Honored Kid

Austin S.

Age 16
Austin S. Kid Photo


Fall River, WI, US


Acute lymphoblastic leukemia (ALL)

Date of Diagnosis

May 2011



Treated At

American Family Children's Hospital

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My Story

Did you know that more than 300,000 kids worldwide will be diagnosed with cancer this year? My son became a part of that statistic when he was 2 years old in 2011. He was diagnosed with the "most common and most curable cancer", B-cell ALL. He had a more than 80% chance of survial but his cancer would prove to be not so normal. After relapsing while on treatment, we were forced to pursue a bone marrow transplant. Though he responded extremely well, he unfortunately relapsed 2 months later. Normally at this stage there would be no options. Austin had a less than 20% chance of survival and maybe 3-6 months to live. But we were told we did have an option. A phase I clinical trial in Philadelphia involving imuunotherapy. Austin qualified and enrolled as the 21st pediatric patient to have engineered T-cells using the HIV virus. He became a pioneer in the cancer research world and thankfully is 4 years cancer free as a result. Without the time and money that was put forth by researchers and donors, my son would not be here today. The future of how our kids are treated and what side effects they may have in the future depends on research. Research is where it all starts. By sharing the gifts of your time, talent and money with the St. Baldrick’s Foundation, you're supporting research to give all kids with cancer a better chance for a cure. Austin is doing well. We had his 4 1/2 year visit with Dr. Capitini in April 2018 in which he still remains cancer free and has his Killer T-cells in him. He is getting excited for summer do he can swim and play with his friends. He will be celebrating his 10th birthday on June 16th and is busy making a wish list.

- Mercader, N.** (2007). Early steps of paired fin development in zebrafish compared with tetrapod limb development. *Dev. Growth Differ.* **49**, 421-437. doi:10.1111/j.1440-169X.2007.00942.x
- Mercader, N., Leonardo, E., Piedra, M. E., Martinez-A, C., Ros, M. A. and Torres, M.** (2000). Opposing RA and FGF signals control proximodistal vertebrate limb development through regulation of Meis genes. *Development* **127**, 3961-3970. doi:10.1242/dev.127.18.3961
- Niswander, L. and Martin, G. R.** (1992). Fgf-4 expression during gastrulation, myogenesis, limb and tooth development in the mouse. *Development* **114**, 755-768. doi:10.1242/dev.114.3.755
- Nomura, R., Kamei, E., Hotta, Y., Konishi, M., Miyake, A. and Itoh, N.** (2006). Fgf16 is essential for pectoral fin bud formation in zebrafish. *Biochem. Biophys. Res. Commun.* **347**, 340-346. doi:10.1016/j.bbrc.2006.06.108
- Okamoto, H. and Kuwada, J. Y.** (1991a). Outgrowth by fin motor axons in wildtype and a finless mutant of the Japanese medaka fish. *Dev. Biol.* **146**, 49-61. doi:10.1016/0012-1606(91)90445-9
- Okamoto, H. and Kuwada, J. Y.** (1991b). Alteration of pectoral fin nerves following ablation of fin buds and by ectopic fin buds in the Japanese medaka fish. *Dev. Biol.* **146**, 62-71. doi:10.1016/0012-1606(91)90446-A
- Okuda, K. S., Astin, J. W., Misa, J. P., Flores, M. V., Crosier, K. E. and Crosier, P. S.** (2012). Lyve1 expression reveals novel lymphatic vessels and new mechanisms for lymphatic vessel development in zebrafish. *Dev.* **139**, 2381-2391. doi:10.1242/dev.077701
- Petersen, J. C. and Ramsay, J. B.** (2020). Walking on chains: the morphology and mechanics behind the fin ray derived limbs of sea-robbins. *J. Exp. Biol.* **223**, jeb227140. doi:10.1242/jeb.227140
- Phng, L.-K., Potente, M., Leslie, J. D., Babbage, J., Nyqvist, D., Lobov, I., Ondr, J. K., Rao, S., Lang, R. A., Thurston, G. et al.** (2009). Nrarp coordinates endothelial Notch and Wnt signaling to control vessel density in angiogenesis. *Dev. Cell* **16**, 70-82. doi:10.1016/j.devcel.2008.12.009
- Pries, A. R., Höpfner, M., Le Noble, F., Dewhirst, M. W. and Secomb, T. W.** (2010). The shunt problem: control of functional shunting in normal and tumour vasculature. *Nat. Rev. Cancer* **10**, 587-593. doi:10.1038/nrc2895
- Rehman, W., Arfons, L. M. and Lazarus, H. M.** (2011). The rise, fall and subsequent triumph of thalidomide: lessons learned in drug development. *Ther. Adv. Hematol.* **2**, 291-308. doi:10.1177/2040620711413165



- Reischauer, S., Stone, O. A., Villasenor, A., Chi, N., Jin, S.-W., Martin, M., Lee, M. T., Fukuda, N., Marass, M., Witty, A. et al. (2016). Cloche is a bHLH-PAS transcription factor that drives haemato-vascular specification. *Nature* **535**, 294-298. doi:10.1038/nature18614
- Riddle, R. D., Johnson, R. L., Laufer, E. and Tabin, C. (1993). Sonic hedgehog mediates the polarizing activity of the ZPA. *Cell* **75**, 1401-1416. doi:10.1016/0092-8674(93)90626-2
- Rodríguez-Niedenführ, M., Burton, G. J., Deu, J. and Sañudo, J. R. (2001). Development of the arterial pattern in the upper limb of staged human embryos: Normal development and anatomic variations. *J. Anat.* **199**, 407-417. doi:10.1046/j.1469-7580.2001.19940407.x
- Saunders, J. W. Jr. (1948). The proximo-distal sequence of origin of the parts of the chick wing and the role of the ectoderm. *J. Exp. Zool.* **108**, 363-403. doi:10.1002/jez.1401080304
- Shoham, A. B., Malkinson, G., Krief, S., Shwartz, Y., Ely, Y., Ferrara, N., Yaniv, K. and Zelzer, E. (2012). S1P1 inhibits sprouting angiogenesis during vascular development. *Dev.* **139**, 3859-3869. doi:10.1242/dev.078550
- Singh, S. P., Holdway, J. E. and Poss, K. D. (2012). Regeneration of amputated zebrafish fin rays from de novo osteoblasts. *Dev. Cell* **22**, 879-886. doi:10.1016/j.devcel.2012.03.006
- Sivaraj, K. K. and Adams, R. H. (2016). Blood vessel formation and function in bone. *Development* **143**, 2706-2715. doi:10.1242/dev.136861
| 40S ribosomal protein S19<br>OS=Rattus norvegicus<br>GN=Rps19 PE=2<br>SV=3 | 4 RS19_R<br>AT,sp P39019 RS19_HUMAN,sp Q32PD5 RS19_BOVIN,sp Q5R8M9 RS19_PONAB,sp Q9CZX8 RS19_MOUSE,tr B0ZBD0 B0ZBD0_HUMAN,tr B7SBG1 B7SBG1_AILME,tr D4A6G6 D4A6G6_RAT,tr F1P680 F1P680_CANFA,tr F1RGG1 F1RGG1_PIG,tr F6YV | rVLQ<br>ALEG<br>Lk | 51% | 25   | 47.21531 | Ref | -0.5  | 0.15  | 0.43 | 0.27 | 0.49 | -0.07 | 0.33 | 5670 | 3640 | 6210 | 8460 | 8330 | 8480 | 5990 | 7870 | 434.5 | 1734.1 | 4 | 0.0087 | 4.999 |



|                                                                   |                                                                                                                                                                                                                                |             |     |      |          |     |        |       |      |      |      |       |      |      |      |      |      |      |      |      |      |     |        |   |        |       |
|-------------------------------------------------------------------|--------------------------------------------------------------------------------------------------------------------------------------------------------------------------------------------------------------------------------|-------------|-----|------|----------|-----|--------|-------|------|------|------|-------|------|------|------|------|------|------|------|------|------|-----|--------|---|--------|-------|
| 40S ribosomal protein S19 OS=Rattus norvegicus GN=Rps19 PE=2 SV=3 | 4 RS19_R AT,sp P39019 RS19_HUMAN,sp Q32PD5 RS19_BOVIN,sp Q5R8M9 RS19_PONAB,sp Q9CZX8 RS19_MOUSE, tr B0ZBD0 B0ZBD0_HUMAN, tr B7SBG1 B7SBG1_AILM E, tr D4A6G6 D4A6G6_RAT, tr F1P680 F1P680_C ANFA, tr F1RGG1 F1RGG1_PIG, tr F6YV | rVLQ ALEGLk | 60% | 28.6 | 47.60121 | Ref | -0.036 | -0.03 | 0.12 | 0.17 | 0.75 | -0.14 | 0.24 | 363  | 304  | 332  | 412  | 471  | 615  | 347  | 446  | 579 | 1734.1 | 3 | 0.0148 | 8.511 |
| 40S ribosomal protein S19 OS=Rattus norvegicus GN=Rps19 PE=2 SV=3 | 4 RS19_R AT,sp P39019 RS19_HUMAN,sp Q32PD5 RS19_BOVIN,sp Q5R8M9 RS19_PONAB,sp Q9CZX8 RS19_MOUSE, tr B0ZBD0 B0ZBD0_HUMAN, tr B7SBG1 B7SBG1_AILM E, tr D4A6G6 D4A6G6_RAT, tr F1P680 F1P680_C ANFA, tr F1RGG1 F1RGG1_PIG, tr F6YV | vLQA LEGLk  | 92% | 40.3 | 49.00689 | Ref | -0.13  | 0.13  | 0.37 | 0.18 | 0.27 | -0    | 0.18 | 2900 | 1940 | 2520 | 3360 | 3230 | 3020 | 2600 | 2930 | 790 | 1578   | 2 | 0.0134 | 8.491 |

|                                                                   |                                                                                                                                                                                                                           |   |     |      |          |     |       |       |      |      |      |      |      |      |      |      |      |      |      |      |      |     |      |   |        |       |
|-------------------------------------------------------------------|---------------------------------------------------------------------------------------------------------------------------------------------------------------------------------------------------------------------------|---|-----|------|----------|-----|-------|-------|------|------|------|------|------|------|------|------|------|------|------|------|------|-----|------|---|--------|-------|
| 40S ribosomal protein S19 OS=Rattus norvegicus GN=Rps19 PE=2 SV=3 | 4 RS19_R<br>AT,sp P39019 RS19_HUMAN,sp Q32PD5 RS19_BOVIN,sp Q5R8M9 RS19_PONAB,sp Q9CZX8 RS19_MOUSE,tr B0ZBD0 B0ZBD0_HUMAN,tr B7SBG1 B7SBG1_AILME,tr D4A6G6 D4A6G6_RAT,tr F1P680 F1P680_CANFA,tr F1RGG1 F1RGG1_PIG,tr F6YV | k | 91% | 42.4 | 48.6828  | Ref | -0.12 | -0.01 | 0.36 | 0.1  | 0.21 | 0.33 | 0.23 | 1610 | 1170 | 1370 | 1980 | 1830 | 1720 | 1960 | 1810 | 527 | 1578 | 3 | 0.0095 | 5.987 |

The Childhood Cancer Ripple Effect

Help Give Kids a Lifetime

Infants, children, teens and young adults are depending on us to find cures for childhood cancers — and to give survivors long and healthy lives.

Support lifesaving childhood cancer research today.

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